A copy of the approval of the Islamic Research Council at al-Azhar may be seen by clicking on this link:

http://www.dar-al-maarifah.com/ar/azhar.htm 

There is no way that these colours can be ruled to be an innovation, because the scholars of Qur’aan at the time of the Taabi’een introduced dots and vowels in the Mus-haf and wrote the dots and vowels in red.  

Shaykh al-Islam Ibn Taymiyah (may Allaah have mercy on him) said: 

The Sahaabah did not write dots and vowels in the Mus-hafs because they were Arabs who did not make mistakes in pronouncing the words, so they did not need the dots. A single word could be read in two ways, with a ya’ or a ta’, such as ya’maloon (يعملون) and ta’maloon (تعملون), which they would read in only one way because they knew that the other was not correct.  

But at the time of the Taabi’een, when it become common for people to mispronounce words, some of the Taabi’een added vowels and dots to the Mus-haf, and they wrote them in red. They wrote the fathah as a red dot above the letter, and the kasrah as a red dot below the letter, and the dammah as a red dot before the letter. Then they expanded the red dots and they denoted the shaddah by writing “shadd” and the maddah by writing “madd”. They made the sign for the hamzah look like the letter ‘ayn, because the hamzah is the sister of the ‘ayn. Then they abbreviated them and made the sign for the shaddah look like the main part of the letter seen, and the sign for the maddah an abbreviated sign, as those who keep records may abbreviate numbers etc, and as the scholars of hadeeth abbreviated words such as akhbarana (he informed us) and haddathana (he narrated to us) by writing the first and last part of the word in the forms ana (أنا)  and thana(ثنا) .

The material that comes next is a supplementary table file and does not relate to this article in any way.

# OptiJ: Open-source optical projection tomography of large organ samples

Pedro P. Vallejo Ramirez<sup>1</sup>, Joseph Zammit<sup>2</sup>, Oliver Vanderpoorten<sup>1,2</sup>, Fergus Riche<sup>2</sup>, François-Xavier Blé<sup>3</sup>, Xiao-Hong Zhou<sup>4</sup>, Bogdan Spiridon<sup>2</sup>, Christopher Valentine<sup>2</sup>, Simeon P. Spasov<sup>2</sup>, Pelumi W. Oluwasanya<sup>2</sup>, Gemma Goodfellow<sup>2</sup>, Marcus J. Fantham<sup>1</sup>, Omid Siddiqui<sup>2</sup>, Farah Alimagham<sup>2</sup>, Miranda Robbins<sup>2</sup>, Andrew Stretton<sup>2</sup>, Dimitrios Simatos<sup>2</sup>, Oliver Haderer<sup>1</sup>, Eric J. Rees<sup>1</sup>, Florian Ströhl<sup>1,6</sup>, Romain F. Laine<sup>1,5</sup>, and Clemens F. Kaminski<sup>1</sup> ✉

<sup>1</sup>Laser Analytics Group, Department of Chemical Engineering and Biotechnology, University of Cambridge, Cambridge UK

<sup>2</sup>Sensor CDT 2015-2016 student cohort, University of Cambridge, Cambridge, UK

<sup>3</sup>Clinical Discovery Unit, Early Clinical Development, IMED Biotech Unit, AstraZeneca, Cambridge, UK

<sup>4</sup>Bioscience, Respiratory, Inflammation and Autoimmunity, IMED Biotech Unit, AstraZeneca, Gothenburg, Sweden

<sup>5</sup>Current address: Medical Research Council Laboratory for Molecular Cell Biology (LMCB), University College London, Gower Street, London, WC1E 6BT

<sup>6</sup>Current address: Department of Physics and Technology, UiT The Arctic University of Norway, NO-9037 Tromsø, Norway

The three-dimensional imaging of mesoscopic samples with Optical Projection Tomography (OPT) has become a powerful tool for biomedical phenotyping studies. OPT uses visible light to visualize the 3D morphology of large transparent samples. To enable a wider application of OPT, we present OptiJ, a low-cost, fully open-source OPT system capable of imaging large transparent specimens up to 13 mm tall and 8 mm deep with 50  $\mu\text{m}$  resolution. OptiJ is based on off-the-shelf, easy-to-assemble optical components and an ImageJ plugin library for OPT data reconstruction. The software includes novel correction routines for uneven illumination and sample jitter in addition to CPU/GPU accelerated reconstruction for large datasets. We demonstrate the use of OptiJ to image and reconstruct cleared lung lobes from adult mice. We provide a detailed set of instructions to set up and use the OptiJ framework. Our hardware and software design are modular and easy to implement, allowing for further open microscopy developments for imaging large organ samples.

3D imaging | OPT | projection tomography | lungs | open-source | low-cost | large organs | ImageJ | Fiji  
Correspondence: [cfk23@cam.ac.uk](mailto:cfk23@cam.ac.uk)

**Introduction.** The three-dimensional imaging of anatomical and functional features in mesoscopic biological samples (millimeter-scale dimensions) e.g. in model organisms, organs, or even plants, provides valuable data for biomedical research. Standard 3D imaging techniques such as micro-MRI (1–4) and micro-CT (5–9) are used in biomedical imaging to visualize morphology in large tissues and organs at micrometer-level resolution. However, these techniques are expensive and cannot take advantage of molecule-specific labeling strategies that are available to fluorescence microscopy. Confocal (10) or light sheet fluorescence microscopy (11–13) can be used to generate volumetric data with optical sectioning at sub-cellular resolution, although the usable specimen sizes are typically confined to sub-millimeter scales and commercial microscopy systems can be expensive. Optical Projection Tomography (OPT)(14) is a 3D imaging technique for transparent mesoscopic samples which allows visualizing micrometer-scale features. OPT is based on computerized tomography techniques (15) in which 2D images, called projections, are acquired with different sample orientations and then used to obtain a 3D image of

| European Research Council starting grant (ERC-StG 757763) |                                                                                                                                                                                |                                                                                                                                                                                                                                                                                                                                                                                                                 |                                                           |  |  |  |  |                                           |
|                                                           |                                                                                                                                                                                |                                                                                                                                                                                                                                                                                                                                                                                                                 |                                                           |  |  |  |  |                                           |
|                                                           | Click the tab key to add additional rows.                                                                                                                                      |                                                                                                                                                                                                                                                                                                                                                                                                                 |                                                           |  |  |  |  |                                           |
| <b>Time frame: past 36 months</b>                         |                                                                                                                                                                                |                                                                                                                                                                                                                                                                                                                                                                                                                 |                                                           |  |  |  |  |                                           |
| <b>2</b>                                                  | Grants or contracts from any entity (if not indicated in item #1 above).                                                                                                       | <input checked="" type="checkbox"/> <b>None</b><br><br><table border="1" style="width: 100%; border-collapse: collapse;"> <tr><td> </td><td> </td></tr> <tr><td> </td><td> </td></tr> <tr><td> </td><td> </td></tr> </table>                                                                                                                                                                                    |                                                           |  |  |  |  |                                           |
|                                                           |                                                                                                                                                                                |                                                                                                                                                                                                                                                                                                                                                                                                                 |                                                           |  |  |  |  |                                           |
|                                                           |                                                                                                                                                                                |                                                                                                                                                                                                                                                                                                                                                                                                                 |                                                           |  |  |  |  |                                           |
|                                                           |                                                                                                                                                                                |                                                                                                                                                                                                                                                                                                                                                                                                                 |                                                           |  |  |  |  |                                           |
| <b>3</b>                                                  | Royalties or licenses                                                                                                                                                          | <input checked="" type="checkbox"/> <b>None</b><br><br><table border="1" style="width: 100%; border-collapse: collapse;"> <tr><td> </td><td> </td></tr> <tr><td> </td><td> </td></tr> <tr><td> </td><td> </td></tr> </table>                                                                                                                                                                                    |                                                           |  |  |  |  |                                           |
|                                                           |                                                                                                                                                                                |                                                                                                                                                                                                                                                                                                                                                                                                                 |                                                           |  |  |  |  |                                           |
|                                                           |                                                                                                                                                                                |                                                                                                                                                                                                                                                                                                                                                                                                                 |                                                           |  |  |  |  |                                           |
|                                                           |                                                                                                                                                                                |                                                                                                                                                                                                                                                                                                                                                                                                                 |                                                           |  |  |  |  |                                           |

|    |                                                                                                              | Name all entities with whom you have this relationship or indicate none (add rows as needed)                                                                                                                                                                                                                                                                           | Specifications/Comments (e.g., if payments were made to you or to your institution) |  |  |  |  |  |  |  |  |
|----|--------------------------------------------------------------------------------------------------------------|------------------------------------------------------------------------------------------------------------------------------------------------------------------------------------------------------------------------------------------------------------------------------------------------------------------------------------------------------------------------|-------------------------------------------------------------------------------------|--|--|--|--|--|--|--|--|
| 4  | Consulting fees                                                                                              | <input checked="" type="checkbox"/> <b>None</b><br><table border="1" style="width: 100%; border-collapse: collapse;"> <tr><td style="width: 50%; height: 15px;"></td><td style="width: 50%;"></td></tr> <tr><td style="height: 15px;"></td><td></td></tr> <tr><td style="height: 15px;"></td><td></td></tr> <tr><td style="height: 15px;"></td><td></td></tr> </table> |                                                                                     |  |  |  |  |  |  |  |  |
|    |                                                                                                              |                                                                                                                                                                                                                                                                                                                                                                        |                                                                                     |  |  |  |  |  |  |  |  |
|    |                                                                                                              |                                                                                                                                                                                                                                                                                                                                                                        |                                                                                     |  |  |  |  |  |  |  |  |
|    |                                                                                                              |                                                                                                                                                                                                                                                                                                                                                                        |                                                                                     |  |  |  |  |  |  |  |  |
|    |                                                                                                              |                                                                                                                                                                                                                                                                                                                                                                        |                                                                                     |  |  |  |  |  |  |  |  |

The scholars disputed as to whether it was makrooh or not to add vowels and dots to the Mus-haf and there are two well known views, both of which were narrated from Ahmad, but there was no dispute concerning the fact that if there are vowels and dots in a Mus-haf, they must be respected just as the letters are respected. End quote from Majmoo’ Fataawa Shaykh al-Islam Ibn Taymiyah (12/101). 

Shaykh Dr. ‘Abd-Allaah ibn Muhammad al-Mutlaq (may Allaah preserve him) said: The following things were not originally part of the ‘Uthmaani text: